Serious business: behind the scenes at the Decanter World Wine Awards 2021
With over 18,000 bottles of wine judged by more than 160 expert judges, the world’s largest wine competition invites Tempus for a look behind the curtain
For even the most avid amateur oenophiles, a trip to the supermarket to pick up a bottle of wine can often be a gruelling undertaking. Which vintage do we want? Is this a dry or sweet red? Which grapes are used in the blend? Is this wine worth the money? If I have guests will they like this style? The inquisitive, uncertain internal monologue that comes with simply making a choice can make a consumer’s head spin.
In times of such strife, we may look for a sign from elsewhere to help guide us in our quest. No, not from a higher power, but from a series of small stickers plopped front and centre on some of the bottles in our eyeline; some bronze, some silver, some gold and even the occasional platinum. These mysterious stickers, which every wine enthusiast is likely to have noted during a browse through the booze aisle, are the work of wine magazine Decanter and their World Wine Awards, the 18th edition of which took place in London between 14 - 23 June
With results expected on 7July, this enormous, highly secretive ceremony is effectively the Academy Awards of wine, where the finest examples from across the globe are adjudicated by an army of the industry’s foremost experts - and this week, Tempus was invited behind the scenes to see how it all works.
The largest wine awards in the world, the Decanter World Wine Awards are an astonishing undertaking. Trucks come and go at all hours of the day from the Canary Wharf offices of the magazine’s publisher, Future, where a mind-boggling range of 18,000 premium wines from all corners of the planet are stored, sorted into flights, packaged up so as to not reveal their identity, and presented to over 160 judges.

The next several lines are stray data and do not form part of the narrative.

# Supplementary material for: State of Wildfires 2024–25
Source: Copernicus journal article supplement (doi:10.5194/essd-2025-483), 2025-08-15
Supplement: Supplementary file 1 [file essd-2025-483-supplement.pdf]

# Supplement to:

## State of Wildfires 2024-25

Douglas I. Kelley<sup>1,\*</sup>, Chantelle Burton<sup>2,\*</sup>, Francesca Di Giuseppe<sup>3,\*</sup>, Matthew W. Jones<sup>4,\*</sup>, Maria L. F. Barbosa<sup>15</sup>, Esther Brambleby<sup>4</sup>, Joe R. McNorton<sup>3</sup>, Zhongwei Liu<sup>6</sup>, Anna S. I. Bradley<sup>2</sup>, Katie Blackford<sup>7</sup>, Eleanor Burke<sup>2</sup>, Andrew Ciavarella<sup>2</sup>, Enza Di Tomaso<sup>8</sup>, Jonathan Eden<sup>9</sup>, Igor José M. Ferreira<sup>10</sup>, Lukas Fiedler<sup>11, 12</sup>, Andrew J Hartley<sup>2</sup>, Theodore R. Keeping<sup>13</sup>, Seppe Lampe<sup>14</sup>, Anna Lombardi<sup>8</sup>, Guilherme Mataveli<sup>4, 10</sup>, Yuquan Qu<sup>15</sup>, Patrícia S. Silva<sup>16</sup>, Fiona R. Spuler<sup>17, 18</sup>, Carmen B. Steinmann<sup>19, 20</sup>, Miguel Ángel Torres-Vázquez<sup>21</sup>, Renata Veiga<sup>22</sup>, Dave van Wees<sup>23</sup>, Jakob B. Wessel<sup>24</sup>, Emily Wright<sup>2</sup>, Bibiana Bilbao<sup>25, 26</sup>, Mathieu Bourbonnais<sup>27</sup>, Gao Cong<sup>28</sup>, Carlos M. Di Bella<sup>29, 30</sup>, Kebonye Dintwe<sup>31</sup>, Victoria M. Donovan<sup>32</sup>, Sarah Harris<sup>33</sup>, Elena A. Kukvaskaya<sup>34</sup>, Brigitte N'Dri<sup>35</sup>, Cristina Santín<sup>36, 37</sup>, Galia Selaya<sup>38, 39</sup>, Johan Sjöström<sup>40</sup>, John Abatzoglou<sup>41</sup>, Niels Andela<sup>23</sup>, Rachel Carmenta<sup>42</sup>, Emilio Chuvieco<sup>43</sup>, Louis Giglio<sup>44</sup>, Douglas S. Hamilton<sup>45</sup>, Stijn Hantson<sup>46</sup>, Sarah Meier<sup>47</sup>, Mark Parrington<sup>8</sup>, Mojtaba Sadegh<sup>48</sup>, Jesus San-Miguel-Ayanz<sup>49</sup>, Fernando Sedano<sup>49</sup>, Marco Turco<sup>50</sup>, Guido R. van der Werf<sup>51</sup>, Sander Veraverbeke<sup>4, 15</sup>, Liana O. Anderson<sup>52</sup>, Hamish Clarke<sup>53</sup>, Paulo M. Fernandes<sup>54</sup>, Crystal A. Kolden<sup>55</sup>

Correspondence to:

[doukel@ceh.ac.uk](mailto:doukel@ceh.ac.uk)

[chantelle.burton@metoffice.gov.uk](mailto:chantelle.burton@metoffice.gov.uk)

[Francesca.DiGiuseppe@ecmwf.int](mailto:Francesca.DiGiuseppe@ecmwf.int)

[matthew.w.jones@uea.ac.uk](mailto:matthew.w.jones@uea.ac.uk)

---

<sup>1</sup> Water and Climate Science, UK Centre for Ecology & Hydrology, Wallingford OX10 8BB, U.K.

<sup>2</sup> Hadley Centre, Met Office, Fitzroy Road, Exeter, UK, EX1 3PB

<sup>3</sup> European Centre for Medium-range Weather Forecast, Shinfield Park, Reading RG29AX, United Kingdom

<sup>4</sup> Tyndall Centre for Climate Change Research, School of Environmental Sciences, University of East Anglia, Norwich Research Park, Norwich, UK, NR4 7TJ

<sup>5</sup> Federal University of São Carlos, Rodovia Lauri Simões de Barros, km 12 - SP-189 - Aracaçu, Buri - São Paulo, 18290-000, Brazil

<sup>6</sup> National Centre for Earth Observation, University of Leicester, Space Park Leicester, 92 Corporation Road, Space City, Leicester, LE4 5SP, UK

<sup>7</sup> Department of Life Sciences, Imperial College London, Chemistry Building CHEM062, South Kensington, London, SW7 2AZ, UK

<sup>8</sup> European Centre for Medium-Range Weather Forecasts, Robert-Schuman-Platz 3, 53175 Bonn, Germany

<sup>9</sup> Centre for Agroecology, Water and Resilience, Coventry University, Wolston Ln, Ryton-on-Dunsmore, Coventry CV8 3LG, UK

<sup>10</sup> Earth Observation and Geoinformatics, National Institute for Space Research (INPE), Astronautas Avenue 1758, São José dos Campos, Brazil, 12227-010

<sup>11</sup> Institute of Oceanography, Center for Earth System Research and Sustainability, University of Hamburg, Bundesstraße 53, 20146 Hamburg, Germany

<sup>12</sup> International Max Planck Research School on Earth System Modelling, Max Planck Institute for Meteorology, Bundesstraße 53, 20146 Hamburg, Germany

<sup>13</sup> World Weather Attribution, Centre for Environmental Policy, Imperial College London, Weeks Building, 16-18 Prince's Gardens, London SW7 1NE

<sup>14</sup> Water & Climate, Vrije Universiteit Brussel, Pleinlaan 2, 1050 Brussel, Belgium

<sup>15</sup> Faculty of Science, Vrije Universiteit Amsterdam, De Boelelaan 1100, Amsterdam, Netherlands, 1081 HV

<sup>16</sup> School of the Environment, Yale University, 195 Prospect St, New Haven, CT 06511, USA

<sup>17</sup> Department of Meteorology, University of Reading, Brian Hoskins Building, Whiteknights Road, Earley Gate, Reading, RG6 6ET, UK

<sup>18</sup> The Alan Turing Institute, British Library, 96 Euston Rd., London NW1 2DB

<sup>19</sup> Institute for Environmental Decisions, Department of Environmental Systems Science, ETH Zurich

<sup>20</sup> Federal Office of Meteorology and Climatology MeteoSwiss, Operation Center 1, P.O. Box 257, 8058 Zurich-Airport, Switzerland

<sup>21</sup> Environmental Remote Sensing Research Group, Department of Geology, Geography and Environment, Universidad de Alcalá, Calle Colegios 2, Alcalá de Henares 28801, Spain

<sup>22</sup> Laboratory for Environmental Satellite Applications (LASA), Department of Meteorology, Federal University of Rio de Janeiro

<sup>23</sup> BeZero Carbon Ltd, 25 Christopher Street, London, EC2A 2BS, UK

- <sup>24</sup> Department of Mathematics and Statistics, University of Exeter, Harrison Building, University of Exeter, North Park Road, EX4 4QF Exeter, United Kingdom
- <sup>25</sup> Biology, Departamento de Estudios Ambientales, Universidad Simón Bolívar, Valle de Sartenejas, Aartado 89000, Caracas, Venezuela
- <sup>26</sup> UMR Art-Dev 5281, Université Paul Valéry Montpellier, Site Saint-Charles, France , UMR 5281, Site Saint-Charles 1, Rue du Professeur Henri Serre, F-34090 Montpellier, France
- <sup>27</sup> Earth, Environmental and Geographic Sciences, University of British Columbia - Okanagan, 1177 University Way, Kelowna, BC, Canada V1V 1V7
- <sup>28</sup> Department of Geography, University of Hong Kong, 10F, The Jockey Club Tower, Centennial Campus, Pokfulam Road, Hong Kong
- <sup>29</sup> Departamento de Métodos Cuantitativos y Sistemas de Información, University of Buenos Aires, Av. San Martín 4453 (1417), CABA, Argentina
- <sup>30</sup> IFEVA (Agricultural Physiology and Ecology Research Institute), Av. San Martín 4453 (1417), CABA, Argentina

But that’s not where we begin our visit. As press invitees, we find ourselves being whisked up to the third floor and led through an enormous swinging double door emblazoned with the words “NO JUDGES ALLOWED”. This gargantuan space, permeated by intense air conditioning mimicking a wine cellar, is the preparation room, in which thousands of bottles of wine are sorted, opened and decanted before being shipped downstairs to the judges. Wines are first sorted into categories based on their country or region of origin, before then being stratified into subcategories based on their flavour profile and style.
The wines are wrapped in uniform Decanter packaging and placed, six at a time, in colour-coded boxes that determine the day on which they will be judged. Workers scuttle back and forth across the wooden floor, clipboards in hand, picking out certain boxes and directing their colleagues back across the uncorking table to prepare them for tasting.
As I begin to pontificate on the frankly ludicrous amount of time and effort that must be spent going through this routine for every one of the 18,000 wines available, we are subsequently informed that each producer actually sends in four separate samples of each wine they have submitted to the competition, bringing the total number of bottles in this unassuming office in the Docklands to around 70,000. To call it a gargantuan undertaking in comparison to rival award ceremonies would be an understatement.
As we gawp at the sheer size of the operation, enormous trolleys of boxes stacked five-high whizzing in and out of view, we follow one marked “Argentina and rest of South America” out of the preparation room and head down to the hushed but strangely electric judging floor.